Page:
Stay at Parangi, a small luxury beachfront hotel, for instant access to surf and snorkel spots (from £138 in the summer, or low season, which runs from May to September), then hop in a tuktuk for 15 minutes to Vis Ta Vie, another Thema Collection property off the typical tourist route.

It’s a six-suite holiday home turned upscale private resort 10 minutes’ drive from the main drag of Mirissa, with last-minute bookings from around £180 a night on a bed and breakfast basis.

Vis Ta Vie’s gleaming white and blue decor typifies the kind of quiet luxury that would be unaffordable in other parts of the world, but here can be considered a doable splurge; worth it to be nestled on its secret beach, so favoured a spot by local turtles that there is now a hatchery next door, where the hundreds of eggs laid there each month are collected, dated and released.

Newly opened, Vis Ta Vie’s staff are every bit as thrilled as guests at the frequent appearances from local marine life, excitedly knocking on our door one night to tell us that a clutch of baby turtles are readying to enter the ocean. You can book as many safaris as you like, but animal-spotting is unpredictable, and watching the palm-sized creatures take their first paddle at dark is a moment you couldn’t pay for.

Elephants (Elephas maximus maximus) in Yala National Park on November 30, 2022. Yala National Park is the most visited and second-largest national park in Sri Lanka, bordering the Indian Ocean.This park is located at a distance of 309 km from the main city of Colombo. (Photo by Thilina Kaluthotage/NurPhoto via Getty Images)
Yala is Sri Lanka’s largest national park (Photo: Getty)

Even so, that doesn’t stop me booking tours to the nearest national parks – Yala, which is Sri Lanka’s most popular with around 400,000 visitors each year, and Udawalawe (which has 340,000; they are around 45 miles apart). Most parties get their own six-seater jeeps to themselves, at a cost of around £55 per person. The Kithala resort, also part of the Thema Collection, makes for a charming stop in between (and highly reasonable, at a cost of £65 per night).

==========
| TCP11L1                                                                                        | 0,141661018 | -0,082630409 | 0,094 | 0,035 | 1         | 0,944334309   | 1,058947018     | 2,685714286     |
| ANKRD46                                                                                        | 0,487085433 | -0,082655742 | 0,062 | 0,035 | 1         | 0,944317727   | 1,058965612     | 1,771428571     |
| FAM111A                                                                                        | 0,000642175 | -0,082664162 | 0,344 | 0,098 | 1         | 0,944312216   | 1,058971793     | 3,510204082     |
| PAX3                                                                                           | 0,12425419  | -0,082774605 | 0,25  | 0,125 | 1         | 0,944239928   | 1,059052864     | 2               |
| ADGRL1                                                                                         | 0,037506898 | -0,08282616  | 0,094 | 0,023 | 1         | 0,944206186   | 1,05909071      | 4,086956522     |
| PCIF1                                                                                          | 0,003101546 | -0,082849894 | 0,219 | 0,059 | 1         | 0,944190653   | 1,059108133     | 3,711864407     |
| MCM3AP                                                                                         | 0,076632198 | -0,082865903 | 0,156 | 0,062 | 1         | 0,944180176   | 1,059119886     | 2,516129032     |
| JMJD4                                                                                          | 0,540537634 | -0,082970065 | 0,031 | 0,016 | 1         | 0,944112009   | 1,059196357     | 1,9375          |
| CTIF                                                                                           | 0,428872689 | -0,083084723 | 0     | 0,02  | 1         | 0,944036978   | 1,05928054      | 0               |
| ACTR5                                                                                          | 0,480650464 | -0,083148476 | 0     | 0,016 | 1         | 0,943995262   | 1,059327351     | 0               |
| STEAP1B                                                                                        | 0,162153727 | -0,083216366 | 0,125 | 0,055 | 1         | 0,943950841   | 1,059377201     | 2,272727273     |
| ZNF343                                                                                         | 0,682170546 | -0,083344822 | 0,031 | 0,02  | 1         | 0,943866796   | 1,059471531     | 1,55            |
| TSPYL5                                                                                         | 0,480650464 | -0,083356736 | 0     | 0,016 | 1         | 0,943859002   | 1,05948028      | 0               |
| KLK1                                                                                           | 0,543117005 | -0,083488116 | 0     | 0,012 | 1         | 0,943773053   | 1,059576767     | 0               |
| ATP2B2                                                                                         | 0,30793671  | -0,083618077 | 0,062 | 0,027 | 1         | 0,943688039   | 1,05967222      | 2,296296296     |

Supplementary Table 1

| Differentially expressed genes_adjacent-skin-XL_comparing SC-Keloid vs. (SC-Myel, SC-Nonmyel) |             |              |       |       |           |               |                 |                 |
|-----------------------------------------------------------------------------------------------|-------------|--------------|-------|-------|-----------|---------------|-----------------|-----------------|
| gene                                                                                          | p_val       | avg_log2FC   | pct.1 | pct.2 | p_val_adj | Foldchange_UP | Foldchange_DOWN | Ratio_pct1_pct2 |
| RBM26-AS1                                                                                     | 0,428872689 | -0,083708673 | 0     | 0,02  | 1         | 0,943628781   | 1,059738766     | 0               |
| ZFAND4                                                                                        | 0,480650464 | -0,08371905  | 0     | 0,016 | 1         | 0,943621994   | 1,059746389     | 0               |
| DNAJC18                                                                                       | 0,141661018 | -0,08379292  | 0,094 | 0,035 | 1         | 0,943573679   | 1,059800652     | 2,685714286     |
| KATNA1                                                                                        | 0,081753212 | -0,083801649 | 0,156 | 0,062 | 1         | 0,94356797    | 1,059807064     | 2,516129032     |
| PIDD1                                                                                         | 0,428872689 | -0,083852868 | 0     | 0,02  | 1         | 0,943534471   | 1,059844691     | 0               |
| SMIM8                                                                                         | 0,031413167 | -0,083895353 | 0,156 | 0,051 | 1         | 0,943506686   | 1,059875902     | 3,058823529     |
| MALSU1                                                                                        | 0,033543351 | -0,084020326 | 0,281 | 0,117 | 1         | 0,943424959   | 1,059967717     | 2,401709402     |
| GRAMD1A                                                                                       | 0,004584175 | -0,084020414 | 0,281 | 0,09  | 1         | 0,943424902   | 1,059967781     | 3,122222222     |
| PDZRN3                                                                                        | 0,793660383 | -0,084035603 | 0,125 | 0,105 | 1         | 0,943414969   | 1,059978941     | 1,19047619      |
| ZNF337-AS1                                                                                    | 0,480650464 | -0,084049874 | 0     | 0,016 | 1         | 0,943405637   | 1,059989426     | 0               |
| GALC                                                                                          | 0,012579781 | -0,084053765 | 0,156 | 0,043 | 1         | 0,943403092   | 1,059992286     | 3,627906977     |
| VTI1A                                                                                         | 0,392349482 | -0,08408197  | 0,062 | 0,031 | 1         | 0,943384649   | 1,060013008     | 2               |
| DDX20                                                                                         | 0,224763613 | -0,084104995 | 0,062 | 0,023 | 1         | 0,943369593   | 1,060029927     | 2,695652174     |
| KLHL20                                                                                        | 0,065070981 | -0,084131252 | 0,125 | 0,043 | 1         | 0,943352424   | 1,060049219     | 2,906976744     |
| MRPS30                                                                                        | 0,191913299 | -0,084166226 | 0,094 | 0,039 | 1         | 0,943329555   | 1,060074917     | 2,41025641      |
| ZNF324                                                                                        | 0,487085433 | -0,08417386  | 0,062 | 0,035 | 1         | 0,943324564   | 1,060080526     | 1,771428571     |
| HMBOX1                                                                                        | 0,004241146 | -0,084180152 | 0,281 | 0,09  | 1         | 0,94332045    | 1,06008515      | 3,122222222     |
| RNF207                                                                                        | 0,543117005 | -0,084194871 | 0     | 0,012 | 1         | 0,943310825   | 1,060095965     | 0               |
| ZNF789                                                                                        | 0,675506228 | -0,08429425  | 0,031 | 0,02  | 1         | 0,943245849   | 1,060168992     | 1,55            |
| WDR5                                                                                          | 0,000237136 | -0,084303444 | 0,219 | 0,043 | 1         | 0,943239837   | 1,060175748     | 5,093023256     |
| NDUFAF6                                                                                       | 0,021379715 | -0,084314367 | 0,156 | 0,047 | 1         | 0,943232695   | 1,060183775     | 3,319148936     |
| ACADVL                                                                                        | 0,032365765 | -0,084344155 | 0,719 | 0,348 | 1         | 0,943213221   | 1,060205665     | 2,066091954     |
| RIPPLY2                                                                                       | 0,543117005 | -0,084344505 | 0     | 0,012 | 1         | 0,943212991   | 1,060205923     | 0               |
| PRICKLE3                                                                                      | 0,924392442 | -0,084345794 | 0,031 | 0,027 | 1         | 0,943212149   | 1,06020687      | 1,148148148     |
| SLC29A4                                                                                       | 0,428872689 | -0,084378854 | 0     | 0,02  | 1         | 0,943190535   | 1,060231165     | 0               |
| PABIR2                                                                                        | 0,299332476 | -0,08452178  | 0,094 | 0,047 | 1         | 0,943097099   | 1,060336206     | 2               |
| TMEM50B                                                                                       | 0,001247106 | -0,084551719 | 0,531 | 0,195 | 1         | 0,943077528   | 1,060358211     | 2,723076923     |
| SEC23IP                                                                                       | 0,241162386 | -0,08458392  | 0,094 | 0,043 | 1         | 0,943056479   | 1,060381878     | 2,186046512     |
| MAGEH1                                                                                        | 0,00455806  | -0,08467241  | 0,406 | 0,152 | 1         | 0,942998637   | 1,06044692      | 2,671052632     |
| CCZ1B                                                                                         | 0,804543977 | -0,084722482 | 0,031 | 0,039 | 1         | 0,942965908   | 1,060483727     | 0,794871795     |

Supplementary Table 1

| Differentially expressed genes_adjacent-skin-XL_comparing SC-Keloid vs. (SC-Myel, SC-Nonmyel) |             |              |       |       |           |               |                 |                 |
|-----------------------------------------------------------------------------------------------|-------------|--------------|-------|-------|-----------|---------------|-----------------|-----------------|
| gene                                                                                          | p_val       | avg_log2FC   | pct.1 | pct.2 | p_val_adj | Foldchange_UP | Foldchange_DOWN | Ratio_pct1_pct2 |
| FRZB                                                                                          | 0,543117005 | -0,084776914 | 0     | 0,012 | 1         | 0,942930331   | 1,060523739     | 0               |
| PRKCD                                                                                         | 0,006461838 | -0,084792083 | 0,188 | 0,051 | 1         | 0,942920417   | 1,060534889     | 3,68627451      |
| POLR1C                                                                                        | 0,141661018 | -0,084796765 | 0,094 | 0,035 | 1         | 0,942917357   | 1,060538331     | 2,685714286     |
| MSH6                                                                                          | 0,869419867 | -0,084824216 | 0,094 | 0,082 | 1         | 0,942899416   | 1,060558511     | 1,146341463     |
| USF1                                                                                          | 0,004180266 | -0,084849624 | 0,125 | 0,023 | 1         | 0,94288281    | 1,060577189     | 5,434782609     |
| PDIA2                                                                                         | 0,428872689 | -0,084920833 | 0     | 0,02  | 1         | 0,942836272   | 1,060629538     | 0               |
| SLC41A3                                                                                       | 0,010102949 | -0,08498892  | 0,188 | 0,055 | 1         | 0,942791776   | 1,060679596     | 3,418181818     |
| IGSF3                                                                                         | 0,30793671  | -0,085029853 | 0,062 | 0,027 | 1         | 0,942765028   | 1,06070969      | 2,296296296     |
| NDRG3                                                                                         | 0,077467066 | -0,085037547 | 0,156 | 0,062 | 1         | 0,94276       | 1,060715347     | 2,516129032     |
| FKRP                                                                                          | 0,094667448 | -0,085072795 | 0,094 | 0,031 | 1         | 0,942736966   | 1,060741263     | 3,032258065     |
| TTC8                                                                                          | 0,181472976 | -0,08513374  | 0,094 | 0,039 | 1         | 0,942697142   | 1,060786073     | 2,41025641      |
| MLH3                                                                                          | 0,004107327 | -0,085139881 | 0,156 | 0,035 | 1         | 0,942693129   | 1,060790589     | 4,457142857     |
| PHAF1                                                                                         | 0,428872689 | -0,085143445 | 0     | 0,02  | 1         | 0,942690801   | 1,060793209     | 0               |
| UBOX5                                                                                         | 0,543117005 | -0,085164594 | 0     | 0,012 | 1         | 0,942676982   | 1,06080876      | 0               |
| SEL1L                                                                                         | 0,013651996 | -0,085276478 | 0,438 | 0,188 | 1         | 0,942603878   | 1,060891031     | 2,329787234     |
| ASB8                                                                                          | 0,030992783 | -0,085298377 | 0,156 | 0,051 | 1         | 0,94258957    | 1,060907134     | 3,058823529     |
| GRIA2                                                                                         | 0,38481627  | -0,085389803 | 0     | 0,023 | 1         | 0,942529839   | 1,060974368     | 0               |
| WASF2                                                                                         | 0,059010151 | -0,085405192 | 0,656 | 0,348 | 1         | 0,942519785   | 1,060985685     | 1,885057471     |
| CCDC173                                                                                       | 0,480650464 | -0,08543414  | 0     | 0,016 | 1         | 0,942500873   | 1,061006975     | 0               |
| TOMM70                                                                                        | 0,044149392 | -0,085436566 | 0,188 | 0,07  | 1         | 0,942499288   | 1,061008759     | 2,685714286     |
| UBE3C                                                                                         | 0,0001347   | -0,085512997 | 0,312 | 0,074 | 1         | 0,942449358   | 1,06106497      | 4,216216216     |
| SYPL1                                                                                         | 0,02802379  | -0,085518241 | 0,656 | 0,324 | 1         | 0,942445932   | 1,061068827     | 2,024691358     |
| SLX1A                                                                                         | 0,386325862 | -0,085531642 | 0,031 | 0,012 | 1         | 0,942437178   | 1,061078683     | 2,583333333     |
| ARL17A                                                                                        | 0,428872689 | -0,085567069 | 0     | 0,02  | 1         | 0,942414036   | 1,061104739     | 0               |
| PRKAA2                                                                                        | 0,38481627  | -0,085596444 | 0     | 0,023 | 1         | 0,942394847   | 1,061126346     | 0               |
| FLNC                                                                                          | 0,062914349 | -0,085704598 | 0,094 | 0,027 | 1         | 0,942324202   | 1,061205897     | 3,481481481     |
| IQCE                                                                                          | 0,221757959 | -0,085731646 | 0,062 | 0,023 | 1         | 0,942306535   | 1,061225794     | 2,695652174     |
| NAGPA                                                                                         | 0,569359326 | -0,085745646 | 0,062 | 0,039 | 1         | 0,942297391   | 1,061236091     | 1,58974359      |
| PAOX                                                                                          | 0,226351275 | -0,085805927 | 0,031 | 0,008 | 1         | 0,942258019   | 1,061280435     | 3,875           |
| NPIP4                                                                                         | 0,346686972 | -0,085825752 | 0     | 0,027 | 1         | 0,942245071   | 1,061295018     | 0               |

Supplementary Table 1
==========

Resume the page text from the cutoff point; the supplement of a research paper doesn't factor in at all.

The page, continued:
I am confident of seeing Sri Lankan elephants, but hope that the elusive Sri Lankan leopards – estimates suggest there are around 800 left in the country – might make an appearance too. The smaller Udawalawe (Yala is 308 sq km, or two thirds larger) had been a late addition to my itinerary, but quickly proves to be rewarding. Even driving past the park’s perimeter, I spot four elephants nibbling on grass by the roadside.

When we make it to the park proper, it feels, at times, like we have the place to ourselves; we come across only a few handfuls of jeeps in more than two hours (visitors must stay inside their vehicles throughout the visit). We bash over hard mud to see groups of elephants, sometimes in threes, fours, and fives, sometimes alone, on one occasion watching a baby peer out cautiously from between its mother’s legs.

We are pulled up on one track when, almost silently, an elephant becomes visible to our right, crosses behind the 4X4, and goes on its merry way. Elsewhere in the park, there are bright Green Bee Eaters (native to Sri Lanka and across Asia) – an instant shot of colour in the sky thanks to their yellow heads, blue cheeks and vibrant green feathers. There are painted storks picking their way across little lakes and, in one, a crocodile lying low.

The Asian green bee-eater
Charlotte spotted Green Bee Eaters (Photo: Getty)

Of course, you won’t find the big five here, even at Yala, which, founded in 1938, is Sri Lanka’s oldest national park. But there are peacocks and jackals and deer among its 44 mammal species and 215 varieties of birds.

While leopards elude us, our early morning safari does result in seeing a sloth bear (similar to a black bear, but smaller and with fluffier ears) – a source of enormous excitement as jeep drivers begin swerving to secure the best vantage point. We find out that this is the first sighting for a month, as fewer than 1,000 remain in Sri Lanka.

At 5am, we notice an elephant has trudged to the very top of a distant peak, appearing to survey the hordes of 4x4s weaving around one another below. We stare at it for a while in the dying minutes of our final safari; there’s something compelling in the waiting and wondering, where you spend each moment thinking about what might emerge next from the bushes.

Eventually we drive away, eyes glued to the windows as lush green grassland passes. Just in case.

Travel essentials

Getting there
Return flights from London to Colombo with SriLankan Airlines are available from £719, srilankan.com
Parangi to Vis Ta Vie, tuktuk is around £7
Vis Ta Vie to Kithala, cab: £40

Staying there
Parangi Weligama has doubles from £137
Vis Ta Vie has doubles from £178
Kithala Resort has doubles from £65

Further info
srilanka.travel